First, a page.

In 2018, website accessibility lawsuits increased by 177%. Website accessibility lawsuits can arise when people with disabilities cannot use a company’s website because it does not use current technology. Businesses are required by federal law, the Americans with Disabilities Act of 1990 (“ADA”), to accommodate people with disabilities. In 2018, Domino’s Pizza argued that it did not have to update its website to work for a blind customer as digital accessibility is not specified in the ADA. Domino’s lost its case and last week the U.S. Supreme Court denied its appeal.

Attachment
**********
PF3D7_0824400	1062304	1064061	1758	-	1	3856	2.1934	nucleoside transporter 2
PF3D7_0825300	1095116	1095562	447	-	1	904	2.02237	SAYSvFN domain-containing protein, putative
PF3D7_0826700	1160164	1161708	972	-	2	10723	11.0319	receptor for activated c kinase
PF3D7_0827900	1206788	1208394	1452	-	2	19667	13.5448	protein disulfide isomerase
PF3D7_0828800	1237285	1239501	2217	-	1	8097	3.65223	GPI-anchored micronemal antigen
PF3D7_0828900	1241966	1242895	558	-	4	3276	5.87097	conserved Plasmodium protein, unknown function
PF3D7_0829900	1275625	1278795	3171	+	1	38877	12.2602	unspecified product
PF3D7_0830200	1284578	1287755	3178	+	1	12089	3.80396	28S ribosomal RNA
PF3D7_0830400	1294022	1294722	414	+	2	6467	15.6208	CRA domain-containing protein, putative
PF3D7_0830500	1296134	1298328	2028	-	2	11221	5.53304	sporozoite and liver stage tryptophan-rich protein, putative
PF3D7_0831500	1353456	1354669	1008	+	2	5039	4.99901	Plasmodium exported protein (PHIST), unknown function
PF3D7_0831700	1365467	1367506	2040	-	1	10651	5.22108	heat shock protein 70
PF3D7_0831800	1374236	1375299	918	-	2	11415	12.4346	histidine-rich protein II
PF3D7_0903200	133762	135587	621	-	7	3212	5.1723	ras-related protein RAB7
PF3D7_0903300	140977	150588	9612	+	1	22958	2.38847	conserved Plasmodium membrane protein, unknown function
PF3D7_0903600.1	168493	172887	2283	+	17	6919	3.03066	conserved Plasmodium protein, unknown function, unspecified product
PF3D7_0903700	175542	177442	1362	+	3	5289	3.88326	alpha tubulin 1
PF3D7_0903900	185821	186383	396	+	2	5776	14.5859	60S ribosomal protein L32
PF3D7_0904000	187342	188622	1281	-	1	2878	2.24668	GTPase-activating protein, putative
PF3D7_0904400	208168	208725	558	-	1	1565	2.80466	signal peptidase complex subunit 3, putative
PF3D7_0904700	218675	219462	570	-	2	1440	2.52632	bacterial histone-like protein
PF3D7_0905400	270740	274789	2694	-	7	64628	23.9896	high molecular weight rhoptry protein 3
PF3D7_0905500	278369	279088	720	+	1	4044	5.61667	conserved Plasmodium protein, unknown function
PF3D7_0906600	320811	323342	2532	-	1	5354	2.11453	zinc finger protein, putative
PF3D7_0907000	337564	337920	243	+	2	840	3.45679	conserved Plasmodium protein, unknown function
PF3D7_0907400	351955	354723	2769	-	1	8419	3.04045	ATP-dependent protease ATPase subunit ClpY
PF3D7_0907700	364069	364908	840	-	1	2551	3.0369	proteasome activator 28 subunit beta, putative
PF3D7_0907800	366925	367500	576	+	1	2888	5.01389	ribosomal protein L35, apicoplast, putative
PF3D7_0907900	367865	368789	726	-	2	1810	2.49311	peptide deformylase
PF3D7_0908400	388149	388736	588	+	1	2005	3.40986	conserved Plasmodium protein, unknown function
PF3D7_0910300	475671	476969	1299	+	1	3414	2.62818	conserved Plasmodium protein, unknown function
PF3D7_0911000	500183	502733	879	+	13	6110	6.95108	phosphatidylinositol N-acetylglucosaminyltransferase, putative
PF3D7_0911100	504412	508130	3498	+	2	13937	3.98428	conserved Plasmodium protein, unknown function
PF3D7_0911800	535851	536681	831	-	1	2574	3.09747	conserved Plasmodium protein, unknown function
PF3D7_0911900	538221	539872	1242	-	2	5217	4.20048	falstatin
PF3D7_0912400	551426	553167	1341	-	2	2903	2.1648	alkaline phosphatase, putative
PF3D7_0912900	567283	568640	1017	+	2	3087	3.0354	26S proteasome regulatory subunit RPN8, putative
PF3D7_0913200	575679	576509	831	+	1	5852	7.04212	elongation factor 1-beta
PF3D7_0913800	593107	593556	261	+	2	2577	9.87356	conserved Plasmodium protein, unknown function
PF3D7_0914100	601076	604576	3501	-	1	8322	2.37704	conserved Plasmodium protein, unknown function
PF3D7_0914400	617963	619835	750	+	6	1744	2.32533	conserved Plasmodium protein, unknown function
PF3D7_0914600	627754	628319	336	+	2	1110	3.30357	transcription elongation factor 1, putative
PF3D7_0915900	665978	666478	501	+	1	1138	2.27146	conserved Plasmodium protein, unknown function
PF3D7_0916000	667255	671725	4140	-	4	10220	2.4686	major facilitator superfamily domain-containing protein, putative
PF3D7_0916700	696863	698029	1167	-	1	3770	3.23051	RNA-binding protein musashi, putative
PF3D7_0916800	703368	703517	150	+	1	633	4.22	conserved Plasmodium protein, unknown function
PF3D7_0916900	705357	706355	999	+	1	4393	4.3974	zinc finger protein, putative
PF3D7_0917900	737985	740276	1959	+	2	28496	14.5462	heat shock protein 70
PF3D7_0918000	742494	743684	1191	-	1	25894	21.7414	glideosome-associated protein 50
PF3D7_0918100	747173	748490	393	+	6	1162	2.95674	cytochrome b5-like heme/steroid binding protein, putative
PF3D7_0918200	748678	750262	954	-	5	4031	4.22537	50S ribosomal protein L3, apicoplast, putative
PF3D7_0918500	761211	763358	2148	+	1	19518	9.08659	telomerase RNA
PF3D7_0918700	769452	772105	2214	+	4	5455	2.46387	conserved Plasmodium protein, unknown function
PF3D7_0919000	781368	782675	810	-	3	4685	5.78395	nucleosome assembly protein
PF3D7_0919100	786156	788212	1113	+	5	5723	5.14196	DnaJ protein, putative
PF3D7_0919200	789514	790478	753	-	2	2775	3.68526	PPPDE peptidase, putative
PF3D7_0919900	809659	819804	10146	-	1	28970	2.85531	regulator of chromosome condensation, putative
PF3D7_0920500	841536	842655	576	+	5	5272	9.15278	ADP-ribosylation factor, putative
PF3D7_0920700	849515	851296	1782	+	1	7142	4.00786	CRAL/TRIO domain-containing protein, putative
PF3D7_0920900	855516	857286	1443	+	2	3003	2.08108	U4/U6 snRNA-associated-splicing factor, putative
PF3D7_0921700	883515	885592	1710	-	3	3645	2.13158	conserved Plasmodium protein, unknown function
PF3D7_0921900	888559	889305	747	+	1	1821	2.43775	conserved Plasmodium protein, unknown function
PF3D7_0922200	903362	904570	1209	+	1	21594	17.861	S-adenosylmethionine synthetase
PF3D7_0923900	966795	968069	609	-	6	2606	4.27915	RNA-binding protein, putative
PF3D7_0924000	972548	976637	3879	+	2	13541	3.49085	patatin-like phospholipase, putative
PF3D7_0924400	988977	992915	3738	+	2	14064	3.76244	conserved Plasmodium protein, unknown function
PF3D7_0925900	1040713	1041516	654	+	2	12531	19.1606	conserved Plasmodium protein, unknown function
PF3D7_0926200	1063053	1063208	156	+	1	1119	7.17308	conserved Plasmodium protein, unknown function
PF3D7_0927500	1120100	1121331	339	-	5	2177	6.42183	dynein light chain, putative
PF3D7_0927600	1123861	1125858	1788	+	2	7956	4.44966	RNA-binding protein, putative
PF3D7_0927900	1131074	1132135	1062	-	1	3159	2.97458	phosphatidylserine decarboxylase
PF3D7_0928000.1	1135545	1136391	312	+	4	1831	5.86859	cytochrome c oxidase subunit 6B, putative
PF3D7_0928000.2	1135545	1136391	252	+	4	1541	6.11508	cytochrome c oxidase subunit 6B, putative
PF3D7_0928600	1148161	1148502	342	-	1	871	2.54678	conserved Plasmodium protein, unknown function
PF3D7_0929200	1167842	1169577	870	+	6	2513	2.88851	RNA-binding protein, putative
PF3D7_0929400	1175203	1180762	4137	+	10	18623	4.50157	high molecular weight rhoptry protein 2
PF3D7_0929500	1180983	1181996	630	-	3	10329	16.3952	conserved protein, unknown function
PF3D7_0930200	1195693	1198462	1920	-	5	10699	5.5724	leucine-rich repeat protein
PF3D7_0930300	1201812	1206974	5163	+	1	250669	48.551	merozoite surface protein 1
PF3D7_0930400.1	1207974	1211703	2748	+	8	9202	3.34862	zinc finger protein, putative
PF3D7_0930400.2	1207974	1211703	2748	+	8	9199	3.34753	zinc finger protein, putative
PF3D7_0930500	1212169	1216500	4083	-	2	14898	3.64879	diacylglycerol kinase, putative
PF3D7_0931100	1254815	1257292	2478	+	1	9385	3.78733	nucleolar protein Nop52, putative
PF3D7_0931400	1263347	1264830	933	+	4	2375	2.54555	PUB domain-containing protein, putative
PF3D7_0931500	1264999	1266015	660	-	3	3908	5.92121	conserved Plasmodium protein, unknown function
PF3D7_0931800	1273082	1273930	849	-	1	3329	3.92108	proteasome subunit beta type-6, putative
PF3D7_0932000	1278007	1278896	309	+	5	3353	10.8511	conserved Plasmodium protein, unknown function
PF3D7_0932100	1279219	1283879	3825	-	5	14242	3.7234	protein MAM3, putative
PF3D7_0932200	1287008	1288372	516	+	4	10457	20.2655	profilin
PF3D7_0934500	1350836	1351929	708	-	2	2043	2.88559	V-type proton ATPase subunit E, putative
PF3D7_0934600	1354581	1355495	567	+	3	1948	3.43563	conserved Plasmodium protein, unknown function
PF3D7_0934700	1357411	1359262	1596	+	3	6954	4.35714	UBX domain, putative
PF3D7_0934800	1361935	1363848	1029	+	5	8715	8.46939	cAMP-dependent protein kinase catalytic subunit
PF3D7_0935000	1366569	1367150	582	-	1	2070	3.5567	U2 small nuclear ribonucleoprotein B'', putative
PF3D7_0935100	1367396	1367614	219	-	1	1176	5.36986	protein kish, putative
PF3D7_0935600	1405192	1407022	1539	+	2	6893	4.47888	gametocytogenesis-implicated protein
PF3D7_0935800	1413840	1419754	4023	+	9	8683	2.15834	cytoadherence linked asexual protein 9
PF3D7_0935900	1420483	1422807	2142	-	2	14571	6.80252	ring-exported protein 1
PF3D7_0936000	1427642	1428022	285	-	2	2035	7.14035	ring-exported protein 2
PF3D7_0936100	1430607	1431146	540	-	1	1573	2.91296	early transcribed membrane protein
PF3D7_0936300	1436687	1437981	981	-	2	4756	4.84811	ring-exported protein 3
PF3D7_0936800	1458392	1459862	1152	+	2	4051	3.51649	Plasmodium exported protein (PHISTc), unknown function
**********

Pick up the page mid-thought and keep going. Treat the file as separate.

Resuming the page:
The decision confirms that websites and apps are within the ADA’s definition of “places of public accommodation.” Any place that opens its doors to the public must accommodate people with disabilities. Recent courts have found that a website is just another type of door to the public, and thus, it also must be accessible.
The ADA, however, lacks specifications for what makes a website accessible. Such uncertainty can lead to lawsuits, which may result in businesses reducing their online presence. Federal legislation or a Supreme Court ruling could establish clear guidelines for ADA compliance. In the meantime, employers should take reasonable steps to make their Internet websites and apps accessible—third-party service providers are available to assist.